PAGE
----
One of the best ways to eat in Tokyo is by wandering through the tightly packed street stalls of yokocho, alleyways lined with shops, restaurants, and bars that opened in the post-war era as affordable havens for locals. A new restaurant tucked into a suburban “alley” of sorts at a huge Torrance strip mall called Torrance Yokocho. Opened on April 19, this multi-faceted restaurant attempts to capture the yokocho experience with semi-private stalls and a huge array of reasonably priced dishes from early evening to late night. Inside, colorful banners, hanging lanterns, curtains, vintage posters, and Japanese signs are displayed at every angle, adding to an authentic yokocho feel.

Given the limitations of operating a concept like this in LA, owner Masato Sato decided to split the space into one large cooking area and the other into a dozen or so wooden stalls where customers can order ramen, grilled yakitori, oden, sushi, karaage, beer, and sake through a QR code. Servers then deliver food right to the table from the nine different “stalls” as soon as they’re finished. Sato says he was inspired by the yokocho in Shibuya, Daimon, Bunka, and Aoba, among others in the Japanese megacity. And prices are as reasonable as one would expect in Tokyo.

The torishin (chicken skewer) menu offers grilled chicken thighs, skin, gizzards, meatballs, and vegetables for around $3 to $4 a stick. The more general izakaya menu has grilled skirt steak ($15), grilled pork with kimchi ($12), beef tendon with ponzu sauce ($8), and squid with natto ($7.50). A sushi section prepares assorted sashimi, a mini bara chirashi bowl ($15), cut maki rolls, and assorted nigiri. Tempura options include king crab, shrimp, and shiitake mushrooms. Karaage includes chicken thighs, gizzards, and even deep-fried pork shoulder.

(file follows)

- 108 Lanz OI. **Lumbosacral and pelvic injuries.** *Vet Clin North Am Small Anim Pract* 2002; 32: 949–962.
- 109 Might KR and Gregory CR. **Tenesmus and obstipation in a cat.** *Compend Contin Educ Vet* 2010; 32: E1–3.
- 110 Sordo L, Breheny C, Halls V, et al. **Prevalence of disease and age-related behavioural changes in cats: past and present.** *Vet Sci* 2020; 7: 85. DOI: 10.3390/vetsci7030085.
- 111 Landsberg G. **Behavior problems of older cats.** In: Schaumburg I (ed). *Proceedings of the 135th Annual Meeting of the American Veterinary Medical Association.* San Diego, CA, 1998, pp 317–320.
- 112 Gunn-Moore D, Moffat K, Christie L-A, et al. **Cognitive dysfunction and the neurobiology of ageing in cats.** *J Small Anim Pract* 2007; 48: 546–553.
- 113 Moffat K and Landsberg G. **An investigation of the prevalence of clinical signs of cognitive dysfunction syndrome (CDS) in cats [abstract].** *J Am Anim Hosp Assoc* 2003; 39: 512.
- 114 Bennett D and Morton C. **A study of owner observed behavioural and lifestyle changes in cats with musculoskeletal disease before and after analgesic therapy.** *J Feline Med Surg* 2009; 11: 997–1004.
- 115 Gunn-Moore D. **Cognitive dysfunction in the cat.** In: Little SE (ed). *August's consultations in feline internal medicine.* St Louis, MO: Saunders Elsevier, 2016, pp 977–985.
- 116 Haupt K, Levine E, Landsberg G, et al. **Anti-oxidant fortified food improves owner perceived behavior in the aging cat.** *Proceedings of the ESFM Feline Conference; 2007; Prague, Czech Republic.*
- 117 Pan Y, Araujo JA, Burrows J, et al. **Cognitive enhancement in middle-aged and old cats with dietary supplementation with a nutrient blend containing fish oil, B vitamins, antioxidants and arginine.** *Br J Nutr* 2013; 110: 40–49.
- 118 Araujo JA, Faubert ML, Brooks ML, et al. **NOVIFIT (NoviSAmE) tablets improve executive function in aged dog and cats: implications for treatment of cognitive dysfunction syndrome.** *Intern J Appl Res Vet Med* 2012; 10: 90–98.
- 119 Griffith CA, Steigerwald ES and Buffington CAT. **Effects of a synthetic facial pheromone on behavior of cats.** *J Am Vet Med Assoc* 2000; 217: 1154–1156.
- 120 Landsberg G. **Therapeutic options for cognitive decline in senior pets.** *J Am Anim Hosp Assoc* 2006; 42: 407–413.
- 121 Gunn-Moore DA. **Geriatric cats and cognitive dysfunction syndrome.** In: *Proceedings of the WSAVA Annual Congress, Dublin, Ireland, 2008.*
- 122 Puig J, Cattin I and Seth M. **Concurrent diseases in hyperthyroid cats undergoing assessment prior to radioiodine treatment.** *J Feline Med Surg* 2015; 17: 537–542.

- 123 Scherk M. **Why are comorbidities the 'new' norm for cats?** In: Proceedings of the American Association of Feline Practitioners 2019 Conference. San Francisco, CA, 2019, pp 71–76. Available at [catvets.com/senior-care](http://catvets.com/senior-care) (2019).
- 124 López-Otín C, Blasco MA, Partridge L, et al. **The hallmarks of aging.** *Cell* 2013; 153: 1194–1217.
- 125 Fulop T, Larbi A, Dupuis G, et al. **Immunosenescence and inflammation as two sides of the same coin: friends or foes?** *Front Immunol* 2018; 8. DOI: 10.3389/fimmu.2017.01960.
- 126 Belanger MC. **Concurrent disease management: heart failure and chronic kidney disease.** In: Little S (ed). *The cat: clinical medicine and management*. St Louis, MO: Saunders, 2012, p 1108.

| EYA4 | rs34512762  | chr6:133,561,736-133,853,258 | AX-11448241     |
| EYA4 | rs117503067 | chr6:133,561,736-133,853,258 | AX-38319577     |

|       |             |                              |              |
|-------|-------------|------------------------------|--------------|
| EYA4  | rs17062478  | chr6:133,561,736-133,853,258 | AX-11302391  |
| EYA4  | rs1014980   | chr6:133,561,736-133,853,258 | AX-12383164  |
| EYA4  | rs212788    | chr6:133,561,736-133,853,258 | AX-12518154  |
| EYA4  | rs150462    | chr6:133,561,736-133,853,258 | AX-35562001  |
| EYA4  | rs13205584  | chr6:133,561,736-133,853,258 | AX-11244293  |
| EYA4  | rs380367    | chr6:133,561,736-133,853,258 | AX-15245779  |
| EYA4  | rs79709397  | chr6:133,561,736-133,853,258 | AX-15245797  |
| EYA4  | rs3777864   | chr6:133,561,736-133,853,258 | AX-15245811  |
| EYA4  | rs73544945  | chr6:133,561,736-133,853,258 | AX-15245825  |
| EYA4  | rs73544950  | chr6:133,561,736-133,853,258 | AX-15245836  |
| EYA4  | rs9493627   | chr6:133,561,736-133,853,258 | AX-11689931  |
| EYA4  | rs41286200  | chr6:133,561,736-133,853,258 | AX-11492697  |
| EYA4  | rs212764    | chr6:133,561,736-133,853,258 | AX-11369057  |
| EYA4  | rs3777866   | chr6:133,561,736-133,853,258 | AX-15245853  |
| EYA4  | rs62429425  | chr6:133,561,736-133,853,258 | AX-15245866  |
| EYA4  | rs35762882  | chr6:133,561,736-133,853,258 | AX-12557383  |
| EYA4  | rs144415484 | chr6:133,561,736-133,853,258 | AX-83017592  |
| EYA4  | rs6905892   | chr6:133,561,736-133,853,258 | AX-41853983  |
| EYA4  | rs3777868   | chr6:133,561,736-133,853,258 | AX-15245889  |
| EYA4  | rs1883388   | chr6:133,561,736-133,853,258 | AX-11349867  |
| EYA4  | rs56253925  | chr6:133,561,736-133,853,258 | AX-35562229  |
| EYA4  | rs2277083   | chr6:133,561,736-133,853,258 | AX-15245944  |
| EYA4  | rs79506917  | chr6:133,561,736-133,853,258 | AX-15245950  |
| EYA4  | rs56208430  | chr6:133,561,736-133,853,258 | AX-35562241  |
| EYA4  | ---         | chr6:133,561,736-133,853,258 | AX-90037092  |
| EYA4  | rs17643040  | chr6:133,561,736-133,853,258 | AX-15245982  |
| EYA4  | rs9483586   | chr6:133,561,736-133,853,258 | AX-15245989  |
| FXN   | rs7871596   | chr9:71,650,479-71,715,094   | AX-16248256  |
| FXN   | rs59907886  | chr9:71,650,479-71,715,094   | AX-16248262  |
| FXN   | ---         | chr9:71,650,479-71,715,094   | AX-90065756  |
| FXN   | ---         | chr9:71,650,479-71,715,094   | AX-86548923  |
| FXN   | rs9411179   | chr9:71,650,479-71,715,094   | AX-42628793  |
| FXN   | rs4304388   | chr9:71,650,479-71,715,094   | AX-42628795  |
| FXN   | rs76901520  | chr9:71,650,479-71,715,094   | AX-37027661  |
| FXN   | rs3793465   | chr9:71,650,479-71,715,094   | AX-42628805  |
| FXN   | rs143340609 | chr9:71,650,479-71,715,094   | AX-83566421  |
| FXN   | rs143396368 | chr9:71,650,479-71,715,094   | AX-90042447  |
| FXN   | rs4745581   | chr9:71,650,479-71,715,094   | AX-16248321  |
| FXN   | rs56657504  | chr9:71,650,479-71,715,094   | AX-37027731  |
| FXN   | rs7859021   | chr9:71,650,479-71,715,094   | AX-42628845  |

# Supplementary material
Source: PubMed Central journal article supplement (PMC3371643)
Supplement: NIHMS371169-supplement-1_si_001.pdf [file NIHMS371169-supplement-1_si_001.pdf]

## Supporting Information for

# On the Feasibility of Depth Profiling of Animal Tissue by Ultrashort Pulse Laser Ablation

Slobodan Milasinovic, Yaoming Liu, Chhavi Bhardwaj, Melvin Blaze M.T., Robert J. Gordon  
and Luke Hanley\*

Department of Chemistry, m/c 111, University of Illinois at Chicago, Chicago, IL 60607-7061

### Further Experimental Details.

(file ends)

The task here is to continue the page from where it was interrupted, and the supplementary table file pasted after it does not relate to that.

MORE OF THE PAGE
Friday and Saturday nights introduce a special oden section of boiled fish cakes, eggs, and daikon radish pieces. The ramen section uses a chicken broth with miso, spicy miso, soy, and salt (shio) options. A few dessert picks like mochi malls, matcha ice cream, and coffee jello round out the sweet dishes. To drink, there are Sapporo pitchers on draft, plus Orion, Kirin, and Asahi by the bottle; plenty of shochu by the bottle; some fruity cocktails, umeshu, and craft sake by the bottle.

While going so broad with this many Japanese street dishes means that Torrance Yokocho doesn’t quite have the chance to specialize, the sheer variety and distinct ambience, plus its location on the edge of Rolling Hills and Palos Verdes, should give South Bay denizens a solid new destination for izakaya fare.

Torrance Yokocho is located at 2589 Pacific Coast Hwy, Torrance, CA 90505 and is open from 6 p.m. to 12 a.m. Monday to Saturday (with 11:30 p.m. last call). Closed Sundays.

2024-06-17T20:17:19Z dg43tfdfdgfd